As I stood at the vigil at Toronto’s City Hall on Saturday, I noticed that not only French or Québecois people had shown up. It was a mixture of people in so many ways. I wondered how the events that unfolded in Paris became so personal for so many people, myself included.

I still remember when 9/11 happened. It was a strange, numbing sensation – almost surreal – to wake up at 6:30 a.m. in Vancouver, only to hear about planes flying into buildings through the radio.

New York, Washington, and Pennsylvania, in hindsight, seemed to be attacks on institutions: the financial might of New York, the military prowess headquartered in Washington, and the institutionally symbolic target of Flight 93, whatever it may have been.

But something was different about Paris.

It’s not to say that the horrific events 14 years ago weren’t personal, and these observations certainly don’t diminish the catastrophes of that day. The attacks in Paris may not have been strictly on institutions per se, but rather, an assault on a way of life – a certain freedom to celebrate whatever brings us together: the freedom to enjoy a coffee on a café patio, to celebrate others, to attend concerts, and especially to practise whatever religion we wish to…to congregate for common causes, all without a sliver of an expectation of being massacred by operatives of a group seeking to spread an extremist interpretation of a holy text.

Another rather disturbing thought is that while what happened in the United States dealt with buildings, what happened in Paris dealt with people. It’s distressing to think that once the motives of the assailants in Le Bataclan were revealed through the media, it was hard to believe that any of the hostages there would survive the ordeal. It becomes very personal when we realize that innocent individuals are losing their lives in the face and presence of cold-blooded executioners.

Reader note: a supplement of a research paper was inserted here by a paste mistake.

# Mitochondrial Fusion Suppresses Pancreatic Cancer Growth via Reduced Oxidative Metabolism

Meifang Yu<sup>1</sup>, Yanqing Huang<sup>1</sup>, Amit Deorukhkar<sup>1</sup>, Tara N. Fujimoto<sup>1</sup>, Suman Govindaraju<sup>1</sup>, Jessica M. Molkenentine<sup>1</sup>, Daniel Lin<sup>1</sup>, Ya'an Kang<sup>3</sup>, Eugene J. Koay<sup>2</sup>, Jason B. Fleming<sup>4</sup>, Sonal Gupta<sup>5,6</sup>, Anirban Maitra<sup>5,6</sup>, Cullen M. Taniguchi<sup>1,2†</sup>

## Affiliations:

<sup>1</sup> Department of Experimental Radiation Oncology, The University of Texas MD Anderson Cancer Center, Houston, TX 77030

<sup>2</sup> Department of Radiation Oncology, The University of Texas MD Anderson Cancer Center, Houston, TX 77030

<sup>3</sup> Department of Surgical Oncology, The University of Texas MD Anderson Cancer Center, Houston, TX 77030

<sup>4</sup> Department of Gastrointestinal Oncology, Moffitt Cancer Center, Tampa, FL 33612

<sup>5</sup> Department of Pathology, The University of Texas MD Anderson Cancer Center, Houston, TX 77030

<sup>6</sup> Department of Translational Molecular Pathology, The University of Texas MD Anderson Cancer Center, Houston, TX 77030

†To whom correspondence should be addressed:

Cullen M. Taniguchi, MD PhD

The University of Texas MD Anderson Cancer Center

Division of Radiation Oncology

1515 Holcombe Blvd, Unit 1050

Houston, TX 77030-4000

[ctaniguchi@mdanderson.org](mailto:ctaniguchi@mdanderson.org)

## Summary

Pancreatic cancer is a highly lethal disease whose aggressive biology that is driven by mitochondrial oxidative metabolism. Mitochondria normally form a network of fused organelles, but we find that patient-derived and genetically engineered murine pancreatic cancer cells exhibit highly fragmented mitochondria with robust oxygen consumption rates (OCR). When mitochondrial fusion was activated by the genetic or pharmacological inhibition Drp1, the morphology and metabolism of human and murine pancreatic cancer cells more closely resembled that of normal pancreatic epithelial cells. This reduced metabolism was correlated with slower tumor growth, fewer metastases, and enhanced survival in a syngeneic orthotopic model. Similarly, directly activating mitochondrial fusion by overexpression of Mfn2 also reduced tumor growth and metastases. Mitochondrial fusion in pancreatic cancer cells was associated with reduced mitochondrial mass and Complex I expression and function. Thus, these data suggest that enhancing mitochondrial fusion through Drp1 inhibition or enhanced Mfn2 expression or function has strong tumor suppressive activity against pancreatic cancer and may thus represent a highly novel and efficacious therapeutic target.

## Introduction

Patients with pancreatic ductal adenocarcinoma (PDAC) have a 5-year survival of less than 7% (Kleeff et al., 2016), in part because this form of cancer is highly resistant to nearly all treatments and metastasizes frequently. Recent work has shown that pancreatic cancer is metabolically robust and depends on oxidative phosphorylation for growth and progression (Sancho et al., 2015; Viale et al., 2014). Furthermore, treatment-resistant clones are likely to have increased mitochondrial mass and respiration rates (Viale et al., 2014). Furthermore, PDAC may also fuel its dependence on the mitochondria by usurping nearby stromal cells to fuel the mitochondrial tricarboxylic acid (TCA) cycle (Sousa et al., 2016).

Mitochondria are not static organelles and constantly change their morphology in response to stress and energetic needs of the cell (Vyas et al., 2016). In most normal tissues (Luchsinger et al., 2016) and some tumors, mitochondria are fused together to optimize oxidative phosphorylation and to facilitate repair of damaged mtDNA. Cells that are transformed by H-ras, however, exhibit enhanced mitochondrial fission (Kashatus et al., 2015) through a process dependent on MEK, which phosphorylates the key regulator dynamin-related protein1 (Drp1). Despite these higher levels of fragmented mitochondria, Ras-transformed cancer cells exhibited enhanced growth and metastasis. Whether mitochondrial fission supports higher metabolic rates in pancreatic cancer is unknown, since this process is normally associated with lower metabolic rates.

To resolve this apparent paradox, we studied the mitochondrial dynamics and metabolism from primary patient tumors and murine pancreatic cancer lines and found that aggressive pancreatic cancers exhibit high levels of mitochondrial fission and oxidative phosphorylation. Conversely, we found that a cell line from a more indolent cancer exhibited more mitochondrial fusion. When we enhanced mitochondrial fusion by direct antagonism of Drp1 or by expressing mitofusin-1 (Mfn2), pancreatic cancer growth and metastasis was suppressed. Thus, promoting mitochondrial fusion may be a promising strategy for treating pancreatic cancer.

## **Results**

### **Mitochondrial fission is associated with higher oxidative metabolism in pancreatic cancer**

So now we’re left praying and/or hoping (and whatever other related term you wish to use) for some sort of healing and understanding in the aftermath of not only Paris, but also Beirut, the Russian airliner, and more.

And yet, in the face of lethal bigotry, we ourselves must avoid becoming bigoted in the process. What good is it for us to embrace and feed that positive feedback loop that begets such misfortunate attitudes time and time again?

Crash and burn: a personal anecdote about procrastination and health

Aches and pains. Fever. Dramatically increased heart rate. Dizziness and confusion. The telltale signs of sepsis.

I caught a cold on my last day in New York City — which turned into sepsis Sunday evening.

I mentioned procrastination in the title of this post. How does this all fit together?

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